Attendees at our Brodies Family Law Conference 2023 heard from Janys Scott KC and Dr Ruth Friskney on the topic of domestic abuse and the interaction between criminal and civil proceedings where such abuse is at issue.

Various studies have considered this topic, including research and papers from The Scottish Civil Justice Hub, The Scottish Centre for Crime & Justice Research and the Universities of Glasgow and Edinburgh.

Lack of integration between civil and criminal systems

The research findings suggest that there is no standard mechanism for information about domestic abuse allegations (including those which feature in criminal proceedings) being shared with family lawyers or the court in civil proceedings. This is concerning when there may be allegations of domestic abuse in around half of child contact court cases. It is imperative that family lawyers and sheriffs are aware of any historic or ongoing domestic abuse within relationships or family networks.

There is also a concern that the civil and criminal courts are not fully informed about what is happening in the other process. Often there is cross-over between the two, so transparency and awareness about progress in and the outcome of criminal proceedings is important to the civil case, and vice versa. For example, bail conditions relating to the other parent and/or children and non-harassment orders are important factors in criminal cases involving domestic abuse which can affect, and are affected by, what is happening in civil processes. Family lawyers often encounter situations in which a third party has to become involved with handovers as bail conditions prevent parties from meeting or communicating with one another. It is often the case that criminal practitioners and in turn the criminal courts are unaware of the practicalities if the accused and complainer have to continue to co-parent when bail conditions are imposed on the accused. In some cases, bail conditions can lead to a child not having contact with their parent in circumstances where they ought to do so.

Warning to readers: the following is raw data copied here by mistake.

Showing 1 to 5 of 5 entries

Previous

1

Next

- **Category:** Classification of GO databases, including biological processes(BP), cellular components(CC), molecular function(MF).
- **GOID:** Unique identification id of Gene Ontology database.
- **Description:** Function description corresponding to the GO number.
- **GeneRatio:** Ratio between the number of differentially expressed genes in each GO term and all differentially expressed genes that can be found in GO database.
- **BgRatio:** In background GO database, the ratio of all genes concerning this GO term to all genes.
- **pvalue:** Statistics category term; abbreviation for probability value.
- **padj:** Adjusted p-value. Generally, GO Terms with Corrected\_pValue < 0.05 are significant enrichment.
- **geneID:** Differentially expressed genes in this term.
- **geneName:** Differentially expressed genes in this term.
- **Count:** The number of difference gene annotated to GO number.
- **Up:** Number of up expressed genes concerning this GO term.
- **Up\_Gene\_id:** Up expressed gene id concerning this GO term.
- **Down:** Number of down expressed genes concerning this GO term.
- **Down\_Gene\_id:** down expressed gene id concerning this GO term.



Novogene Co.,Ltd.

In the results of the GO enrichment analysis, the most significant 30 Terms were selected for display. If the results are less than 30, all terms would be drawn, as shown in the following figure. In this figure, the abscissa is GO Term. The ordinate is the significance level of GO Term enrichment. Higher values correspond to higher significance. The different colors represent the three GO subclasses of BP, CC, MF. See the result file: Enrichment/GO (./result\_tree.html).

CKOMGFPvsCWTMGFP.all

Proofs in civil cases and criminal trials

Difficulties can arise when the court considers it necessary to hear evidence from witnesses in cases where orders are sought in relation to the care of children and there is an outstanding criminal case which is expected to proceed to trial. There continues to be significant delays in trials being fixed in solemn cases, which can cause delays in decisions being made in relation to longer-term care arrangements for children. Family lawyers have difficult decisions to make regarding advice to their client on whether to proceed with a proof whilst that case is outstanding (and risk the court taking a cautious approach pending the outcome of those proceedings) or whether to wait until the conclusion of the criminal process, which can involve a significant delay.

Insufficient space to effectively consider domestic abuse in child contact proceedings?

During the conference, it was acknowledged that at present, there is a limited understanding of how domestic abuse affects children. When making an order in relation to a child, the court requires to have, as its paramount consideration, the best interests of that child. There are other matters to which the court should have regard, including the need to protect the child from any abuse or the risk of abuse, the effect that abuse (or risk of it) may have on the child and the ability of a person who has carried (or may carry out) such abuse to care for or meet the needs of that child. The court also needs to take into account any proven or alleged domestic abuse between parents when the orders made by the court will require them to co-operate and co-parent. (S11(7A-7E) of 1995 Act). Research suggests that notwithstanding the current legislation, there is a perception that the court is limited in its ability to attach significant weight to domestic abuse when considering what may be in a child's best interests with regard to their care arrangements.

There have been instances where sheriffs have not given appropriate consideration to the criteria set out above and held that domestic abuse which occurred during the relationship was "no longer a factor" in relation to the child and should not prevent an award of contact, as occurred in the case of LRK v AG 2012 SLT Sh Ct 107. That decision was appealed, and the Sheriff Appeal Court held that the sheriff had failed attach sufficient weight to sections 11(7B and 7D) of the 1995 Act when making decisions about what was in that child's best interests regarding their care arrangements.

Some suggest that domestic abuse and the crossover between civil and criminal proceedings is an area for which lawyers, social workers, police, the judiciary and other professions require further insight and training, to understand the key issues in both processes. It is vital that domestic abuse is given appropriate consideration in family proceedings. There are calls for greater options for information sharing, including between civil and criminal courts, in cases involving domestic abuse and children.


Kate Bradbury


Garry Sturrock

Senior Associate